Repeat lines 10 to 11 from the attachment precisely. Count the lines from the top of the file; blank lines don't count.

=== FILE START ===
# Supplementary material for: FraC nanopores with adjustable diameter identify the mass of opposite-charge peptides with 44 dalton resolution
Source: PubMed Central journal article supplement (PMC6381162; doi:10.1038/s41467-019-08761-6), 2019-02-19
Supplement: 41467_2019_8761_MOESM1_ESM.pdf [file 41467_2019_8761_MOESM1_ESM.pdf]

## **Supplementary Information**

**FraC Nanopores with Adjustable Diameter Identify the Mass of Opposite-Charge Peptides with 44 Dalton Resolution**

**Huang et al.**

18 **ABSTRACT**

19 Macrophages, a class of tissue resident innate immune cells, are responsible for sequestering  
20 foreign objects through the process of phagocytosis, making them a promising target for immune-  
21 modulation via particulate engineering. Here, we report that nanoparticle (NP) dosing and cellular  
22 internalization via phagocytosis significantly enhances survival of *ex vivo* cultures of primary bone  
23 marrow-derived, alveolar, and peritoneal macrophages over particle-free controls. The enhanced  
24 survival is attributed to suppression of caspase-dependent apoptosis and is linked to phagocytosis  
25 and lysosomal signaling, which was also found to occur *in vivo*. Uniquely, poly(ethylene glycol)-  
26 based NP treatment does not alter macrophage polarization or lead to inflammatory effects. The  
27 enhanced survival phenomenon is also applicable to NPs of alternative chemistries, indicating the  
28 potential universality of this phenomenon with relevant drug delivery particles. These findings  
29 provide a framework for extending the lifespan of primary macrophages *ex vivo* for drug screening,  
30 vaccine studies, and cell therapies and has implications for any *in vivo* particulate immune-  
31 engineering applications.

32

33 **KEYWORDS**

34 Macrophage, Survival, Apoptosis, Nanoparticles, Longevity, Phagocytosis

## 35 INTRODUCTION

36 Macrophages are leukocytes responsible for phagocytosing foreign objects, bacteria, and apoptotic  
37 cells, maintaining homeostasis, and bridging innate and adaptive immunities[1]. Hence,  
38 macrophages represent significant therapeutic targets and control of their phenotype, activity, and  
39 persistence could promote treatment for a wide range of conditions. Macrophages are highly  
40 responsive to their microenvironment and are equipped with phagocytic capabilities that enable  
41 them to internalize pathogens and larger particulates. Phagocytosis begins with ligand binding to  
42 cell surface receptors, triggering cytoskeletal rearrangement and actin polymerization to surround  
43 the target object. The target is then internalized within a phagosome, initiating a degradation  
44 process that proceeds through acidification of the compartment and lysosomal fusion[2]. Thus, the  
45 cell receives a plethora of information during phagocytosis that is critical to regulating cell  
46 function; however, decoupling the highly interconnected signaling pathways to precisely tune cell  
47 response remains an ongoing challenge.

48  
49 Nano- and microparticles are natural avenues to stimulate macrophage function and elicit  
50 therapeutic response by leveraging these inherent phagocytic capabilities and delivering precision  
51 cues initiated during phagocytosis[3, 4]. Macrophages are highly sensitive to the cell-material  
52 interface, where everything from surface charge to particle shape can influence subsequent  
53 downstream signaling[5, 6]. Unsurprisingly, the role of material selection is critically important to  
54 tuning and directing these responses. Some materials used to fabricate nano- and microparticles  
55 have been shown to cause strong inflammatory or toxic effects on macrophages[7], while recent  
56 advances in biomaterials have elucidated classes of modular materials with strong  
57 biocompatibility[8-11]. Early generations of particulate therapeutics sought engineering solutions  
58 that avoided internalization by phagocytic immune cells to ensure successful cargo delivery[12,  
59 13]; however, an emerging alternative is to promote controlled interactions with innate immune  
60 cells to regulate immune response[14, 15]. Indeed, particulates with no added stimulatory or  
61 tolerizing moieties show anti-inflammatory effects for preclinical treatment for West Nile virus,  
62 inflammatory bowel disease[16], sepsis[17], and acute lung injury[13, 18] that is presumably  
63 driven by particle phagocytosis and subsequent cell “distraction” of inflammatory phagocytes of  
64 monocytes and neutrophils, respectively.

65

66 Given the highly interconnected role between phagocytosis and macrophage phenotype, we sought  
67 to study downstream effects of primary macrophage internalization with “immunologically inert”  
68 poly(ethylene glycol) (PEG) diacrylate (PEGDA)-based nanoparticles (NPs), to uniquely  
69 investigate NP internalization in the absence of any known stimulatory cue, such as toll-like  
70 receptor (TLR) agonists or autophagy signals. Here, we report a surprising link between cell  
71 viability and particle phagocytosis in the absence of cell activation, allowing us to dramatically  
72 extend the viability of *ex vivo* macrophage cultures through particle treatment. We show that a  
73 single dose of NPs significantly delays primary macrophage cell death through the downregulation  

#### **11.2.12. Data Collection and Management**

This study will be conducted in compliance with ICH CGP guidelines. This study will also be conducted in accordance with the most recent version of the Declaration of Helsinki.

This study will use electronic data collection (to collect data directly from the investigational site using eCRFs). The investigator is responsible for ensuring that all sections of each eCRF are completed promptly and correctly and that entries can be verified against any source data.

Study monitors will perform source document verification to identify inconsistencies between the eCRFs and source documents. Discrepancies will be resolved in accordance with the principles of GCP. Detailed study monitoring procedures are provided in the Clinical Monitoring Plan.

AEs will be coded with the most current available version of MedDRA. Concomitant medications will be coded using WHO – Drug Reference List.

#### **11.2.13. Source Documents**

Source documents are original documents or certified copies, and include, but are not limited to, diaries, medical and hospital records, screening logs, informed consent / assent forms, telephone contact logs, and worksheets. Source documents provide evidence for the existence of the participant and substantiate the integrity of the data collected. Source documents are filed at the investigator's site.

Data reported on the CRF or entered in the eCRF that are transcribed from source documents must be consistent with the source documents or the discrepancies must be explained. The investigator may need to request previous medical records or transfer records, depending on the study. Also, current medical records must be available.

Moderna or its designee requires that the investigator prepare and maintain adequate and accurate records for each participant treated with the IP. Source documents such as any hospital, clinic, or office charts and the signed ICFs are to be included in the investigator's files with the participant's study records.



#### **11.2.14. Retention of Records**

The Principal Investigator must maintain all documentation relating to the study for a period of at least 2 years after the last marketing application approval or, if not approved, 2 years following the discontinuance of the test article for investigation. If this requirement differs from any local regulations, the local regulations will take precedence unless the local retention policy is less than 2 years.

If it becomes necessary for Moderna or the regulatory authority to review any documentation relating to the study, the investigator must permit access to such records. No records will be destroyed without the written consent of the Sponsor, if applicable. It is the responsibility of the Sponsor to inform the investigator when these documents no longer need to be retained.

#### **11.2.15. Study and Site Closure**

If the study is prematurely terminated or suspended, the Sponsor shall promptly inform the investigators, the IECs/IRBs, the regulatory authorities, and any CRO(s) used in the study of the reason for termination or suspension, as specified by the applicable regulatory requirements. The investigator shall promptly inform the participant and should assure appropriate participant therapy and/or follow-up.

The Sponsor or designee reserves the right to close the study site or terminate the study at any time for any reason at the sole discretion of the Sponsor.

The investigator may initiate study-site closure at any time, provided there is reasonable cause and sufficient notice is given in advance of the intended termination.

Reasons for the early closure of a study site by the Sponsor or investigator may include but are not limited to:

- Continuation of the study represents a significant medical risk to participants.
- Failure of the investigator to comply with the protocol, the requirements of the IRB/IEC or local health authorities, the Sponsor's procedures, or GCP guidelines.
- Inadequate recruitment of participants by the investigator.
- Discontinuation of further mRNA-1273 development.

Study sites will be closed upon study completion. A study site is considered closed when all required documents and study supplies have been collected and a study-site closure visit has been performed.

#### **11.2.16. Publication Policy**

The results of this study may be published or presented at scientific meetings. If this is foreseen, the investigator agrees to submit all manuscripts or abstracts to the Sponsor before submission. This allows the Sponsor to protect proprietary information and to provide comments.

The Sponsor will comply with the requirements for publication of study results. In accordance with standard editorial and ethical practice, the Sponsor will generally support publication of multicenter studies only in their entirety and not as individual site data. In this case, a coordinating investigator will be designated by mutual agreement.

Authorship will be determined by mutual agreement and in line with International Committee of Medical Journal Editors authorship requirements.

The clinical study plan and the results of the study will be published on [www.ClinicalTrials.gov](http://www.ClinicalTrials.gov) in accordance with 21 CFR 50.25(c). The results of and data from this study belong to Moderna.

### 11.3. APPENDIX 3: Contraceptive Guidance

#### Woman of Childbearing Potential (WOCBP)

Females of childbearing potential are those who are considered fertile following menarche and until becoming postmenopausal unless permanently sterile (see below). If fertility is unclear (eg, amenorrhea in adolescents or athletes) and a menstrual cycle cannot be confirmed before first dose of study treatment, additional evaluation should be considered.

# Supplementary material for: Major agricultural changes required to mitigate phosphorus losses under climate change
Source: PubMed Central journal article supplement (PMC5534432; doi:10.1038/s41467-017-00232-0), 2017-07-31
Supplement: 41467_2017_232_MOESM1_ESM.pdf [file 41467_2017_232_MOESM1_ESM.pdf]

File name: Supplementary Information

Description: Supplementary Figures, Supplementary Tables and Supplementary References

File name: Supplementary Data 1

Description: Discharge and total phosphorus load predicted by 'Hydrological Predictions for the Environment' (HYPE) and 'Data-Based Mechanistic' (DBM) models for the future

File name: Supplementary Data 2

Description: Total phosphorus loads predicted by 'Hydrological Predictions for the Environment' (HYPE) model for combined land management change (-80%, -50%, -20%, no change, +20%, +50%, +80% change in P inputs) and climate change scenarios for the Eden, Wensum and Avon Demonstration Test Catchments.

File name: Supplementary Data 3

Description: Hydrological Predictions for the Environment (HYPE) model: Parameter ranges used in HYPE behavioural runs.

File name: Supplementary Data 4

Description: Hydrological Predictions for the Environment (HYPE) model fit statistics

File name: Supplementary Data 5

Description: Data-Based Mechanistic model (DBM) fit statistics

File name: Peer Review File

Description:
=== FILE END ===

21 modulation via particulate engineering. Here, we report that nanoparticle (NP) dosing and cellular  
22 internalization via phagocytosis significantly enhances survival of *ex vivo* cultures of primary bone  